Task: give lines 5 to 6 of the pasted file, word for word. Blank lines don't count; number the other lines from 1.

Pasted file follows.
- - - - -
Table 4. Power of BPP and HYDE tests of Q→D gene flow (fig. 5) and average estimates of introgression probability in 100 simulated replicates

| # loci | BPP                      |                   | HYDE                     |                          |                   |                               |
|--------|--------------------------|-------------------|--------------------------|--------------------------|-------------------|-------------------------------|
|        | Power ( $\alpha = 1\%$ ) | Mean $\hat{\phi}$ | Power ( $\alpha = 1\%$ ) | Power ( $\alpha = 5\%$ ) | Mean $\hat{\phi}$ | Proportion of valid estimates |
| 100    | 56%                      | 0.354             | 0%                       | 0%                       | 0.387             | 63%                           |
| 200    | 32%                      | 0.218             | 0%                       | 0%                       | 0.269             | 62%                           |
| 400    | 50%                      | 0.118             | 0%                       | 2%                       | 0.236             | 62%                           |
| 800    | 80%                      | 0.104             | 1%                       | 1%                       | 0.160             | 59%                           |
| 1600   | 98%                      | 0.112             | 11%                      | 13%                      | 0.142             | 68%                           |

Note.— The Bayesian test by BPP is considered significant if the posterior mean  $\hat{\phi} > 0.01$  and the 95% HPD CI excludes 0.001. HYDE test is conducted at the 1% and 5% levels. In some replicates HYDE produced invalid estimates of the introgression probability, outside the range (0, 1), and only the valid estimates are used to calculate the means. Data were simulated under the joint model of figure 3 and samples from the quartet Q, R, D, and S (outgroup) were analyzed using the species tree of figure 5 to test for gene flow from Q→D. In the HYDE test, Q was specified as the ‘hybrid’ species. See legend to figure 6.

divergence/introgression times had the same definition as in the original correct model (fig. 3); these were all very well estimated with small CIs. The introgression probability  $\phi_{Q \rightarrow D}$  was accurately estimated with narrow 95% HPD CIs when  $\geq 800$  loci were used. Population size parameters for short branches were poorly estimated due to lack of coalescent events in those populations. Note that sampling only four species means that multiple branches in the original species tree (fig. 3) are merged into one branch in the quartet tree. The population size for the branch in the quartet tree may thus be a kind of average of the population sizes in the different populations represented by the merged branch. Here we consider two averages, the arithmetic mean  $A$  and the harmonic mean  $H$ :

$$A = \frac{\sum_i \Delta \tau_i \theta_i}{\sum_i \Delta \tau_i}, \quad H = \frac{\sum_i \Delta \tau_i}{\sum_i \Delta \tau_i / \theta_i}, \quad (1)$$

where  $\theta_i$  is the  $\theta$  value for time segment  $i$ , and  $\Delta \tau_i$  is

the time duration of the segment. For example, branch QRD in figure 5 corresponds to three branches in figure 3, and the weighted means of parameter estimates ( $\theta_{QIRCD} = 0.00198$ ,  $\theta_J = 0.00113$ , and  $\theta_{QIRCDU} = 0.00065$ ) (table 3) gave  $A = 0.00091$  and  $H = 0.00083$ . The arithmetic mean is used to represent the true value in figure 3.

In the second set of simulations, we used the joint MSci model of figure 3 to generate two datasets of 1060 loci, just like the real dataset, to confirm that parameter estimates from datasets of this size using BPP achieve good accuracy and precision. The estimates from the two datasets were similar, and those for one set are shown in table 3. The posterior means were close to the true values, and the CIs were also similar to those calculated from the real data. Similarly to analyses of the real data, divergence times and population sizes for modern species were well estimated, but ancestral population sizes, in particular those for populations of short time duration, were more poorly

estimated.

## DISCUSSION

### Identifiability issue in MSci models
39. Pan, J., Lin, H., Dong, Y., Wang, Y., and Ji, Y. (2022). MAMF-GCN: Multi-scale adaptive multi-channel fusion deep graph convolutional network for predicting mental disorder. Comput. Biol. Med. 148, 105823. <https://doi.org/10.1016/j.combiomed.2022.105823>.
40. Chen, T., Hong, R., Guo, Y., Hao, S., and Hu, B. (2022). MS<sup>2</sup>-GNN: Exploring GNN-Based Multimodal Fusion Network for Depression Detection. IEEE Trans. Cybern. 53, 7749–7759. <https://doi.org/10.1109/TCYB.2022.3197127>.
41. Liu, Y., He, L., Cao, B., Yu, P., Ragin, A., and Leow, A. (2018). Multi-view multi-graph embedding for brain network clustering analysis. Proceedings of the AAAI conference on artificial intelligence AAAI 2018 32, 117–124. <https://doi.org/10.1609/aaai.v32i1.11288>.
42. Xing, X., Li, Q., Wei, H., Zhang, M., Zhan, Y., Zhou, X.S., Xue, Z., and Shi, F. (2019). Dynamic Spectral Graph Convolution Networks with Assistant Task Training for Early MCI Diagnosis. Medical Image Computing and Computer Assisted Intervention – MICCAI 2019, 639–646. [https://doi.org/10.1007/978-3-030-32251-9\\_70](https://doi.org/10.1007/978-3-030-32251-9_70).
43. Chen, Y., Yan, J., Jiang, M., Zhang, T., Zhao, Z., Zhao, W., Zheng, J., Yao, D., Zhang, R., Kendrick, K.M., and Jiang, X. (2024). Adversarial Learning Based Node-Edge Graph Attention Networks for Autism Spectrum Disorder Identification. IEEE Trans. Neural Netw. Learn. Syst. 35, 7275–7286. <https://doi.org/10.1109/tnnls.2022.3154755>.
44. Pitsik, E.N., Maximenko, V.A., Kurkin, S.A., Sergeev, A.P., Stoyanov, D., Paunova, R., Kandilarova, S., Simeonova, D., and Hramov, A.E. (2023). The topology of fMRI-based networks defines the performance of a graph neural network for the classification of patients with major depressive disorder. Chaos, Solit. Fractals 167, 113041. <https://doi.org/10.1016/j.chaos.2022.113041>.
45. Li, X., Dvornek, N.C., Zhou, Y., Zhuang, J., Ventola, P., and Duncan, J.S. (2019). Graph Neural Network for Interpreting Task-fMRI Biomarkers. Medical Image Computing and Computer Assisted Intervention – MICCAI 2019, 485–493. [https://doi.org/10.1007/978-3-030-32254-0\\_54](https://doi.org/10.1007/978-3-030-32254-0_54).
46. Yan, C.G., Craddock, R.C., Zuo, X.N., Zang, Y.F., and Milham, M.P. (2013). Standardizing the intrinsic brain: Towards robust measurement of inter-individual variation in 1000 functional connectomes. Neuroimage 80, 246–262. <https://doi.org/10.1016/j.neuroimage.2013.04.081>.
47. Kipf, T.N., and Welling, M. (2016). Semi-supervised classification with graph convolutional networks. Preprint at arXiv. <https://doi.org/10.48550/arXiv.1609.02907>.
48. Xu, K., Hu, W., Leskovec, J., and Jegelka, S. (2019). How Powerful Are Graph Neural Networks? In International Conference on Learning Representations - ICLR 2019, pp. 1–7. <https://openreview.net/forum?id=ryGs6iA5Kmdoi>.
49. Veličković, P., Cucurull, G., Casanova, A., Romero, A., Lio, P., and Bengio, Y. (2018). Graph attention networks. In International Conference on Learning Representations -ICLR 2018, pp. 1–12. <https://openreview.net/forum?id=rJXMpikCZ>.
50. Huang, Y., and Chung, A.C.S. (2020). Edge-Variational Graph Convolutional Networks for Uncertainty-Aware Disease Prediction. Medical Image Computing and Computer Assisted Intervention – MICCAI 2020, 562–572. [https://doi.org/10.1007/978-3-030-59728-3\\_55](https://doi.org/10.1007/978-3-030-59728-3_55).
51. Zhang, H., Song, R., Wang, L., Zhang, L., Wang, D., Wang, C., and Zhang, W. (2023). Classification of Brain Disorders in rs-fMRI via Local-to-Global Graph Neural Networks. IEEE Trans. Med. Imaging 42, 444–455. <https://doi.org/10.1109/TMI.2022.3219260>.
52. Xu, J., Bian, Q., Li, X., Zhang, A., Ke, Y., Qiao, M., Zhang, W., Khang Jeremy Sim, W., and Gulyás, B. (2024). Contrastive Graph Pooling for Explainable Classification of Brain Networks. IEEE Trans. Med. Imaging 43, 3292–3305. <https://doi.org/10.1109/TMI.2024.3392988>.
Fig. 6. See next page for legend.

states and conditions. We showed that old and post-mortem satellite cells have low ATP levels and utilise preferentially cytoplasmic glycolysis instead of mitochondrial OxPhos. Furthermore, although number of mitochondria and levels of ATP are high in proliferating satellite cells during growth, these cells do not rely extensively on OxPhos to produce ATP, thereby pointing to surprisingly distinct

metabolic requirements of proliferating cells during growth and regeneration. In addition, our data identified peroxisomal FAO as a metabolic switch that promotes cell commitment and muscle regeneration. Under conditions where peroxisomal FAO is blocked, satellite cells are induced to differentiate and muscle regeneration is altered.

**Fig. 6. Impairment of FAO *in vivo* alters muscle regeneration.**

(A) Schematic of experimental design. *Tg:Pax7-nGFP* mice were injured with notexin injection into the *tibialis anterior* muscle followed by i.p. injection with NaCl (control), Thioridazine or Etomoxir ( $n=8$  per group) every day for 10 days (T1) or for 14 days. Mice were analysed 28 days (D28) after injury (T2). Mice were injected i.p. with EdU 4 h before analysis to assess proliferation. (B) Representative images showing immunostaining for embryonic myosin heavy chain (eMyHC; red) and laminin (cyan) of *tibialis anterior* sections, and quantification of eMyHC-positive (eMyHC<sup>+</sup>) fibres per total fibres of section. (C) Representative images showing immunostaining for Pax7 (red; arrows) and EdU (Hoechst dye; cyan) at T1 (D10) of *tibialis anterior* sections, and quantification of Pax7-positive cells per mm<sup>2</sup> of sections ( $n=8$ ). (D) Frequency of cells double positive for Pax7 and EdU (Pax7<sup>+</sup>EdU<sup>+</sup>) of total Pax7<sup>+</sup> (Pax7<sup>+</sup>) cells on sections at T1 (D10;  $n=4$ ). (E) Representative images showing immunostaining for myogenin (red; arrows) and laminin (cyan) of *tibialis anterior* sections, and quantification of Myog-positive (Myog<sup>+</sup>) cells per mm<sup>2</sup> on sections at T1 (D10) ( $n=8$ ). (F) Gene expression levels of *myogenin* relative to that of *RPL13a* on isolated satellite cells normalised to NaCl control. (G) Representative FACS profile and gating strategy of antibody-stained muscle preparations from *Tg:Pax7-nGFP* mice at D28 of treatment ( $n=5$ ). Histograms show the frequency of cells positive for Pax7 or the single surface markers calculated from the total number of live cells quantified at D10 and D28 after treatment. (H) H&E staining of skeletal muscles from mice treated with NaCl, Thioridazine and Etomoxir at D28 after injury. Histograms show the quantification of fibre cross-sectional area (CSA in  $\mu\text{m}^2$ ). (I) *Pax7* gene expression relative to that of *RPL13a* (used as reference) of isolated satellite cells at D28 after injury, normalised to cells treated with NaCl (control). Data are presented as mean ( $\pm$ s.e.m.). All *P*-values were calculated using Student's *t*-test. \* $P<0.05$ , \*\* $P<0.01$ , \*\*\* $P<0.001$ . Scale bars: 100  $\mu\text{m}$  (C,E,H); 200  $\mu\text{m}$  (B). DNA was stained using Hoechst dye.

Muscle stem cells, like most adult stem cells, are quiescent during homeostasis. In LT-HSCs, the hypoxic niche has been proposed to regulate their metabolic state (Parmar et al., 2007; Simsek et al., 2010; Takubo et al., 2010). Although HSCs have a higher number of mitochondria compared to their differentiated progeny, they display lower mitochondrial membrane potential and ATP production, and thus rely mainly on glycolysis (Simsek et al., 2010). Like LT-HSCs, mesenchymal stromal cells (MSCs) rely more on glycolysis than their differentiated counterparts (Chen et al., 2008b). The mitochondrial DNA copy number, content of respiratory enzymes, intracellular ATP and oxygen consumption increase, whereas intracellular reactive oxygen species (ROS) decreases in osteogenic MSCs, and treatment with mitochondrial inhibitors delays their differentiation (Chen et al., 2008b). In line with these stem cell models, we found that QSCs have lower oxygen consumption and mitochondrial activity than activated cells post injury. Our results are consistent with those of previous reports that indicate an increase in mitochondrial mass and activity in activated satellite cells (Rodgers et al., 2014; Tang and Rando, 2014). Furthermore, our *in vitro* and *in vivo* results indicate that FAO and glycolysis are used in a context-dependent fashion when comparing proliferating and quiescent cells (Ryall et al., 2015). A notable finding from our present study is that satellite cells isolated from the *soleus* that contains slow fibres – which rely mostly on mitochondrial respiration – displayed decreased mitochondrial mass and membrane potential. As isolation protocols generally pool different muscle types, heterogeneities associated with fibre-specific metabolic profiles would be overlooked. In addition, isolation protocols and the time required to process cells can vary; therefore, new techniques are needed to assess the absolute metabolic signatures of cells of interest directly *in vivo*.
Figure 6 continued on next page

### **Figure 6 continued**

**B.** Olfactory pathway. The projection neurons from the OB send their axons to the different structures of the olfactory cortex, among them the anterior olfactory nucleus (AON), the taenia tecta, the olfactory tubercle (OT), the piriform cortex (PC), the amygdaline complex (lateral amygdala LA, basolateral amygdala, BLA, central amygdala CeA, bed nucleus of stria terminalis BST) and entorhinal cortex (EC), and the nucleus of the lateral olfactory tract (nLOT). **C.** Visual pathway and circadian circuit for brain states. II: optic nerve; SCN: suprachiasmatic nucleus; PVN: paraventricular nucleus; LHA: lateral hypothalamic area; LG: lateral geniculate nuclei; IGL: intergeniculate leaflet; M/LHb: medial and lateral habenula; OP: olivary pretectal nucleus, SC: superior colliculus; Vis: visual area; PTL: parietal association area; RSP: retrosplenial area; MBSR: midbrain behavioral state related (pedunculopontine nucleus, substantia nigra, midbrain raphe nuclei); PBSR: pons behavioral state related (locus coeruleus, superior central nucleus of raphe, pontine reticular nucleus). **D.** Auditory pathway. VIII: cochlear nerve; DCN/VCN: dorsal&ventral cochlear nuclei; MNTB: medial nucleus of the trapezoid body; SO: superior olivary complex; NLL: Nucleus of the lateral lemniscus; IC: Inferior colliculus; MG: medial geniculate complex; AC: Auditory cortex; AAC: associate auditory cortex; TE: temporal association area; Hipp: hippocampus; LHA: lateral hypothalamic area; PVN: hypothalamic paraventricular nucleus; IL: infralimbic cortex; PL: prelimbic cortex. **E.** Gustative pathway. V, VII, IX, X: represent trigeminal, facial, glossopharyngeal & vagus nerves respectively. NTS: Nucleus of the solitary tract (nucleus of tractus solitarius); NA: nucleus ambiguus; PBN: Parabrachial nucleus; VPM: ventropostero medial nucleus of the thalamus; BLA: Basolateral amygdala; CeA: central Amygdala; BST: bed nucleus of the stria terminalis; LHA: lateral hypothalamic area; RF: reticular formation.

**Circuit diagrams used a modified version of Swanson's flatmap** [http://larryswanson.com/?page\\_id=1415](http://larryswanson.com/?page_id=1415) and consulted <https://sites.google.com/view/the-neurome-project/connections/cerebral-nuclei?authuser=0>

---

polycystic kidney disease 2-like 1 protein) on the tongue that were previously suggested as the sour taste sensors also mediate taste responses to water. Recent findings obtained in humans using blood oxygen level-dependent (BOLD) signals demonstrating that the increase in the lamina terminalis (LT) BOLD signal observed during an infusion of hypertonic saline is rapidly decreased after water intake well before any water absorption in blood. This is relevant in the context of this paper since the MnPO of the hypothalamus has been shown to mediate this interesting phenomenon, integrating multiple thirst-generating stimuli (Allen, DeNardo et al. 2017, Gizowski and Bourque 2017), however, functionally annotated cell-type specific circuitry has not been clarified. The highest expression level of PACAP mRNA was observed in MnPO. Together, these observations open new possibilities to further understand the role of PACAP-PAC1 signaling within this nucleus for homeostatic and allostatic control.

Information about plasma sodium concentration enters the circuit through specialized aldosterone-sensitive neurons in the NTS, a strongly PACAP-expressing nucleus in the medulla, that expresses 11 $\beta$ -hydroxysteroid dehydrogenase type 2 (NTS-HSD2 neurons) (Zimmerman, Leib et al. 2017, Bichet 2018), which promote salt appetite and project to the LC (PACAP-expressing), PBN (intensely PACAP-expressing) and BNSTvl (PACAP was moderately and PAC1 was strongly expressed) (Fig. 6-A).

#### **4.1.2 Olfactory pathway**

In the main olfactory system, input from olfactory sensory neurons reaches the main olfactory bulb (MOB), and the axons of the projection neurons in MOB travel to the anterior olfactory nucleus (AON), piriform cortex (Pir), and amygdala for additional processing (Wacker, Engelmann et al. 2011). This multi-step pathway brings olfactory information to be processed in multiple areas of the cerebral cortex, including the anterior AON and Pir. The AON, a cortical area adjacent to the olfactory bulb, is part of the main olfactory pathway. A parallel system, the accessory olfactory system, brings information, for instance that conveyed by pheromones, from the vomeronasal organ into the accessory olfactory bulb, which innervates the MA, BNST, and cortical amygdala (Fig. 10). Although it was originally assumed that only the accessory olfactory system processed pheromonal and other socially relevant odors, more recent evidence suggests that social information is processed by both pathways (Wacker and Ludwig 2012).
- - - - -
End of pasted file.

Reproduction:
| 100    | 56%                      | 0.354             | 0%                       | 0%                       | 0.387             | 63%                           |
| 200    | 32%                      | 0.218             | 0%                       | 0%                       | 0.269             | 62%                           |